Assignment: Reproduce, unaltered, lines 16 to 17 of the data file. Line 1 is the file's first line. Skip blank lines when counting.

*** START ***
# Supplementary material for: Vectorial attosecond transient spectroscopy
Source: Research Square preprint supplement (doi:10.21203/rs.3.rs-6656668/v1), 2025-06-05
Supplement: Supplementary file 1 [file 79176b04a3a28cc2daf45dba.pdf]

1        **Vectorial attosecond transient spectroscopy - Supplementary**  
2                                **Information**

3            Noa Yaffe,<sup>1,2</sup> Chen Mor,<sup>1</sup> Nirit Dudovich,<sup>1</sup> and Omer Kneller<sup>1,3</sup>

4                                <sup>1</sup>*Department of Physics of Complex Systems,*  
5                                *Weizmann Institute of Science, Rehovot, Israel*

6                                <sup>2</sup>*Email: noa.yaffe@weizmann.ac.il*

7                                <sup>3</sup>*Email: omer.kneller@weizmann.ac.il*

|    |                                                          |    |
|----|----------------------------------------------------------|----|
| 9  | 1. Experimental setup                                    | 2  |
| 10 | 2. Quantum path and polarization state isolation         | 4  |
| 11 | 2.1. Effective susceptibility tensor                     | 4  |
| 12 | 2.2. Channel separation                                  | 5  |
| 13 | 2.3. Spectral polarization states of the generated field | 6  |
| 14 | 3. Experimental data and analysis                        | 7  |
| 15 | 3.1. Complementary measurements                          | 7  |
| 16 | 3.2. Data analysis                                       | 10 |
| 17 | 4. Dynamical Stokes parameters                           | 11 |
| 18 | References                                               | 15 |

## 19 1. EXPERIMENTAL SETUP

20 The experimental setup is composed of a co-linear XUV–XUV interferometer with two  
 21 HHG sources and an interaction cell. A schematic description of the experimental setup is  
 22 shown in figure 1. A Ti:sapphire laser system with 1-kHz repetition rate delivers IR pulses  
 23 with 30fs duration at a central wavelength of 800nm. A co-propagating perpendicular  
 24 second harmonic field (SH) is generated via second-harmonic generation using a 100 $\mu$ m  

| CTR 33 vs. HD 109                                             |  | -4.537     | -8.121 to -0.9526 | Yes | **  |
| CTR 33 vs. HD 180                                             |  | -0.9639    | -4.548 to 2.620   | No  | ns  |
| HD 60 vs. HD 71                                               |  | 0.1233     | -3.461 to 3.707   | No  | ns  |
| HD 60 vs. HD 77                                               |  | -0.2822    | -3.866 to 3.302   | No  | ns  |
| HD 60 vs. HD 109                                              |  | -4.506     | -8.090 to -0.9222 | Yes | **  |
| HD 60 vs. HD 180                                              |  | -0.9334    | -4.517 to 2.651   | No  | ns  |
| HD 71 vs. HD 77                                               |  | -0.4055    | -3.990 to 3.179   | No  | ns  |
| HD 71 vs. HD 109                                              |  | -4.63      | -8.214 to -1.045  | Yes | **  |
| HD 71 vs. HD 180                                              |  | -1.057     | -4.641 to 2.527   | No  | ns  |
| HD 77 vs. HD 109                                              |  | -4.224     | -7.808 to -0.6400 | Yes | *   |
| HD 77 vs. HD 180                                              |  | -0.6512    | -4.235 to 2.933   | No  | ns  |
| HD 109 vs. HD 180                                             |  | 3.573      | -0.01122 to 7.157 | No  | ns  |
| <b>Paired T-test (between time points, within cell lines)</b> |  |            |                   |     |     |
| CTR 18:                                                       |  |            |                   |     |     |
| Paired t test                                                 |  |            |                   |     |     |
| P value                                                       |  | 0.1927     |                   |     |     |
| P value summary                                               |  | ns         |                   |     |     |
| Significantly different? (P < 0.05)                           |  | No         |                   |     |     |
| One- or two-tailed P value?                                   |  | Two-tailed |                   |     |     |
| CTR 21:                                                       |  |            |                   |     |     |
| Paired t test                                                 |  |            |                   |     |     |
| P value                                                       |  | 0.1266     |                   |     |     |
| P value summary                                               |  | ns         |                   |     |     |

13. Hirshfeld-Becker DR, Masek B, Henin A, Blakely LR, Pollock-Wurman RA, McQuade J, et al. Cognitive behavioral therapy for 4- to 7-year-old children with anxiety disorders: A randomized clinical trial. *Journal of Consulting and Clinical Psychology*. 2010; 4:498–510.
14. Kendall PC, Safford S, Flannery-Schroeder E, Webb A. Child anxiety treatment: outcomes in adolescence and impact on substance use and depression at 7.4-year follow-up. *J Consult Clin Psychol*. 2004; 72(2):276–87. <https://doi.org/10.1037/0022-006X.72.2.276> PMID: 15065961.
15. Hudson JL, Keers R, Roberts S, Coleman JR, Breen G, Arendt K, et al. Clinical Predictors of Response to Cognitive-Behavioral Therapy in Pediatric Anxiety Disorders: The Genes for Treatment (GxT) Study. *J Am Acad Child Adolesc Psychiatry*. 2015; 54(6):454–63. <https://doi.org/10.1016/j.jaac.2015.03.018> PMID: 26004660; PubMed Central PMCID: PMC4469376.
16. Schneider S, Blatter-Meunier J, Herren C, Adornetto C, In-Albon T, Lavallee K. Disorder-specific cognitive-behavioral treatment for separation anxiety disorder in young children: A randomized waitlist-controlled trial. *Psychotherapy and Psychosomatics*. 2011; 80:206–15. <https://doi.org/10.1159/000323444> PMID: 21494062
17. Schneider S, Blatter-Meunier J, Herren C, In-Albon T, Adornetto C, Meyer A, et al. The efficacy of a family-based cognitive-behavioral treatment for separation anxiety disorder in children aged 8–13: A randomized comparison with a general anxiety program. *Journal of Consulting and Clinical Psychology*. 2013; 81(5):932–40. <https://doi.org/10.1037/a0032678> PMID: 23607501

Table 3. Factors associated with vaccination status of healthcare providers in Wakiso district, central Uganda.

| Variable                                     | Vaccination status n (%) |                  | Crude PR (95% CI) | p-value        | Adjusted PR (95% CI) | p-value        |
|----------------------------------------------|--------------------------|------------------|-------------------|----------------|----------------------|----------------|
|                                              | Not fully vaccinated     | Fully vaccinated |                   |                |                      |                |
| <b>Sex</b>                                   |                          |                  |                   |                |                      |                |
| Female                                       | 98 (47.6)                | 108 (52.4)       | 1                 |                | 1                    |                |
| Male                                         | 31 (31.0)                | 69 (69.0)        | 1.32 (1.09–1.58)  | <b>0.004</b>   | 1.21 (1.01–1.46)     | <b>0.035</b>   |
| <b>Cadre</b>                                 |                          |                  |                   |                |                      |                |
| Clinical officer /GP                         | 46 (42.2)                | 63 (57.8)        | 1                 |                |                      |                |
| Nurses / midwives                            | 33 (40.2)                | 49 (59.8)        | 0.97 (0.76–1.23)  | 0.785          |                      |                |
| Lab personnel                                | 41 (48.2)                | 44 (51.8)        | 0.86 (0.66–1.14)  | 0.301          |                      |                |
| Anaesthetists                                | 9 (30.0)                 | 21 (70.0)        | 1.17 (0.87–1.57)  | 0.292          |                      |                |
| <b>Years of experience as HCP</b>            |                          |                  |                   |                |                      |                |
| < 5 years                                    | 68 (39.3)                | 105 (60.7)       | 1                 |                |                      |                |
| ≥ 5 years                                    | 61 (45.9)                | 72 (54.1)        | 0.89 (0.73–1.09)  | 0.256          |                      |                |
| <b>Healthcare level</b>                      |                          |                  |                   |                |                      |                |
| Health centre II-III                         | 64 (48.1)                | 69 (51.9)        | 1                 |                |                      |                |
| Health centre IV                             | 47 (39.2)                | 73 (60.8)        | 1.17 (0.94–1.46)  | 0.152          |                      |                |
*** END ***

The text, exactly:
| 12 | 2.2. Channel separation                                  | 5  |
| 13 | 2.3. Spectral polarization states of the generated field | 6  |